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One strategy doesn’t fit all: determinants of urban adaptation in mammals

Santini, L., Gonzalez-Suarez, M. ORCID:, Russo, D., Gonzalez-Voyer, A., von Hardenberg, A. and Ancillottto, L. (2019) One strategy doesn’t fit all: determinants of urban adaptation in mammals. Ecology Letters, 22 (2). pp. 365-376. ISSN 1461-0248

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To link to this item DOI: 10.1111/ele.13199


Urbanization exposes wildlife to new challenging conditions and environmental pressures. Some mammalian species have adapted to these novel environments, but it remains unclear which characteristics allow them to persist. To address this question we identified 190 mammals regularly recorded in urban settlements worldwide, and used phylogenetic path analysis to test hypotheses regarding which behavioural, ecological, and life history traits favour adaptation to urban environments for different mammalian groups. Our results show that all urban mammals produce larger litters; whereas other traits such as body size, behavioural plasticity and diet diversity were important for some but not all taxonomic groups. This variation highlights the idiosyncrasies of the urban adaptation process and likely reflects the diversity of ecological niches and roles mammals can play. Our study contributes towards a better understanding of mammal association to humans, which will ultimately allow the design of wildlife-friendly urban environments and contribute to mitigate human-wildlife conflicts.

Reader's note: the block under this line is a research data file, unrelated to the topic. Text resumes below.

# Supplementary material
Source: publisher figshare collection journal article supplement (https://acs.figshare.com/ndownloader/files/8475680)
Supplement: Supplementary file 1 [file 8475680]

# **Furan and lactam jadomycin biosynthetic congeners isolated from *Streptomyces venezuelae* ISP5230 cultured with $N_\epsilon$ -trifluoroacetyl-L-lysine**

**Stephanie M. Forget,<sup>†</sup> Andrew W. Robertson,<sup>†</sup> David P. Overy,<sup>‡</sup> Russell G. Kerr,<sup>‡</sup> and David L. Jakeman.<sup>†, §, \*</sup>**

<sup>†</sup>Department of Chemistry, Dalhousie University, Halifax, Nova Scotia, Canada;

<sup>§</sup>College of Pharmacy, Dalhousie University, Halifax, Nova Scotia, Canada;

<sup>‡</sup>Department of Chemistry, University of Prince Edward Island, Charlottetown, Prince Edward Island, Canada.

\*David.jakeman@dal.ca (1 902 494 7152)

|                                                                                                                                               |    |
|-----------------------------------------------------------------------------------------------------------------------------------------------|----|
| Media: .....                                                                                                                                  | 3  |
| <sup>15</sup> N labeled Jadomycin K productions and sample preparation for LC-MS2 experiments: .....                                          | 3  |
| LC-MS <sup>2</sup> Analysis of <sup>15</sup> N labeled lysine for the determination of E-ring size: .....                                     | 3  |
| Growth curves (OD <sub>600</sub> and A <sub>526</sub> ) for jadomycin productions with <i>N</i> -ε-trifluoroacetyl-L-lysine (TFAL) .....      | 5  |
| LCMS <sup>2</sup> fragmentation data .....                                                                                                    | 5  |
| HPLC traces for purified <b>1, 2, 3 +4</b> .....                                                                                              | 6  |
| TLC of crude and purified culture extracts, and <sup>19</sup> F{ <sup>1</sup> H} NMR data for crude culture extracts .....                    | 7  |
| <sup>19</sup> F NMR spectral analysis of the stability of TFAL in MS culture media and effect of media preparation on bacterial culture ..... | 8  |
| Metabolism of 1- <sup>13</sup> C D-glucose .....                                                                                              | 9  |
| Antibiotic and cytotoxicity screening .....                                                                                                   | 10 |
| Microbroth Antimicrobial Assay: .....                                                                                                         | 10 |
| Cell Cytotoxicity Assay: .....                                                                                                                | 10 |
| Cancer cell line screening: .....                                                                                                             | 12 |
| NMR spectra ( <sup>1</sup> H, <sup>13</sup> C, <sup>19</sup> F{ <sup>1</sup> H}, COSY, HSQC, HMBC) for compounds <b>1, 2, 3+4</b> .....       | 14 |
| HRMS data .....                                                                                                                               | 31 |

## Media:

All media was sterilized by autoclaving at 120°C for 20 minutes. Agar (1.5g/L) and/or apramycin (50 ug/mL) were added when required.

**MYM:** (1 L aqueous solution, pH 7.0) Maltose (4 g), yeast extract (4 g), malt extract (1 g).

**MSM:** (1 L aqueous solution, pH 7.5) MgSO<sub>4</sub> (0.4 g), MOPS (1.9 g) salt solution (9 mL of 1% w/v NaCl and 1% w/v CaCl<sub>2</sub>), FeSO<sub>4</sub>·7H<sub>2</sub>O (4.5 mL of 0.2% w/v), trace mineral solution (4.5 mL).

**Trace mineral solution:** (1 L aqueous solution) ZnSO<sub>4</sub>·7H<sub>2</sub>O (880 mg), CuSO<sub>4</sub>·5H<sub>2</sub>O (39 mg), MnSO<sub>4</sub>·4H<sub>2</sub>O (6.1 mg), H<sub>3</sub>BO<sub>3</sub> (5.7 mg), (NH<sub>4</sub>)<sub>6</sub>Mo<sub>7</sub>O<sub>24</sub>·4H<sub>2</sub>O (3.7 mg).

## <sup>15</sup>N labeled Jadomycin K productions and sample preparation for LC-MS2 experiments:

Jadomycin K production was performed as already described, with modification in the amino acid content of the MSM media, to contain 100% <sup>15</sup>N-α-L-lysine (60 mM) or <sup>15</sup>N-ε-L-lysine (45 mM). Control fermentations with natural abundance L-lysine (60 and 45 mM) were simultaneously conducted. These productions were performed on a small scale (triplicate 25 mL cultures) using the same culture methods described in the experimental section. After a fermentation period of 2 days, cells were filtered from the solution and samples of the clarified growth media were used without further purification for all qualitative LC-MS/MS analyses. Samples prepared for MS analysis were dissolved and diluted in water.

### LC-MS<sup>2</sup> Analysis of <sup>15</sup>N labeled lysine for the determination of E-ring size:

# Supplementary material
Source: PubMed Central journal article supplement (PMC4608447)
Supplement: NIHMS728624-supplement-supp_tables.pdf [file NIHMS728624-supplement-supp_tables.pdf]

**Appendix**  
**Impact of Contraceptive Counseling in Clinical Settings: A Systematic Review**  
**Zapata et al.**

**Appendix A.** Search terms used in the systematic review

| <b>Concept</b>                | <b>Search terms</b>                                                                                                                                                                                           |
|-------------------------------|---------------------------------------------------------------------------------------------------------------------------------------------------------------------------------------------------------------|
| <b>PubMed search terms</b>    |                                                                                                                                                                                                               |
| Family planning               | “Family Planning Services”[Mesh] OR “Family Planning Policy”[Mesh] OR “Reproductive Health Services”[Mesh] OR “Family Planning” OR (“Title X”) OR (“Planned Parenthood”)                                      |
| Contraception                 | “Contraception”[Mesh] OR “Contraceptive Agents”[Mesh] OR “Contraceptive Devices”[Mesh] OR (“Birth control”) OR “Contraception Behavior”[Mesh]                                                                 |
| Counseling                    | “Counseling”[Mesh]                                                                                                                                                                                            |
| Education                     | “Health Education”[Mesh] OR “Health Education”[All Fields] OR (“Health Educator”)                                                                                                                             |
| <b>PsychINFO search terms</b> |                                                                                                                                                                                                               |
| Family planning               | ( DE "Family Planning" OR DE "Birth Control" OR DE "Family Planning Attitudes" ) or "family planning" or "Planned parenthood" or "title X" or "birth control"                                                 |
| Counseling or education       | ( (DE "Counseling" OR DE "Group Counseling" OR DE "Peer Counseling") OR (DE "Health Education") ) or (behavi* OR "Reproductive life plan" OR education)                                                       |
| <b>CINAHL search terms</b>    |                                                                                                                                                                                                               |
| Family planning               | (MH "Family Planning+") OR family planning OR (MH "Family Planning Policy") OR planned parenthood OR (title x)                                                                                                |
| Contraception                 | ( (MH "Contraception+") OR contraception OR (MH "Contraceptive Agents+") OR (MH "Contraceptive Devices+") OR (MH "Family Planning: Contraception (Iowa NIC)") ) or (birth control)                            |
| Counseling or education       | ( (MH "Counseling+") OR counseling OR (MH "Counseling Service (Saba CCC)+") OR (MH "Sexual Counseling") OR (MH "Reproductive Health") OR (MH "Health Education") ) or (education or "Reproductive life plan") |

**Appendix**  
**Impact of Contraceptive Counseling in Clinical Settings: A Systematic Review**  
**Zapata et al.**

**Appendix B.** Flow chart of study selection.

Item Type:Article
Divisions:Life Sciences > School of Biological Sciences > Ecology and Evolutionary Biology
ID Code:80855


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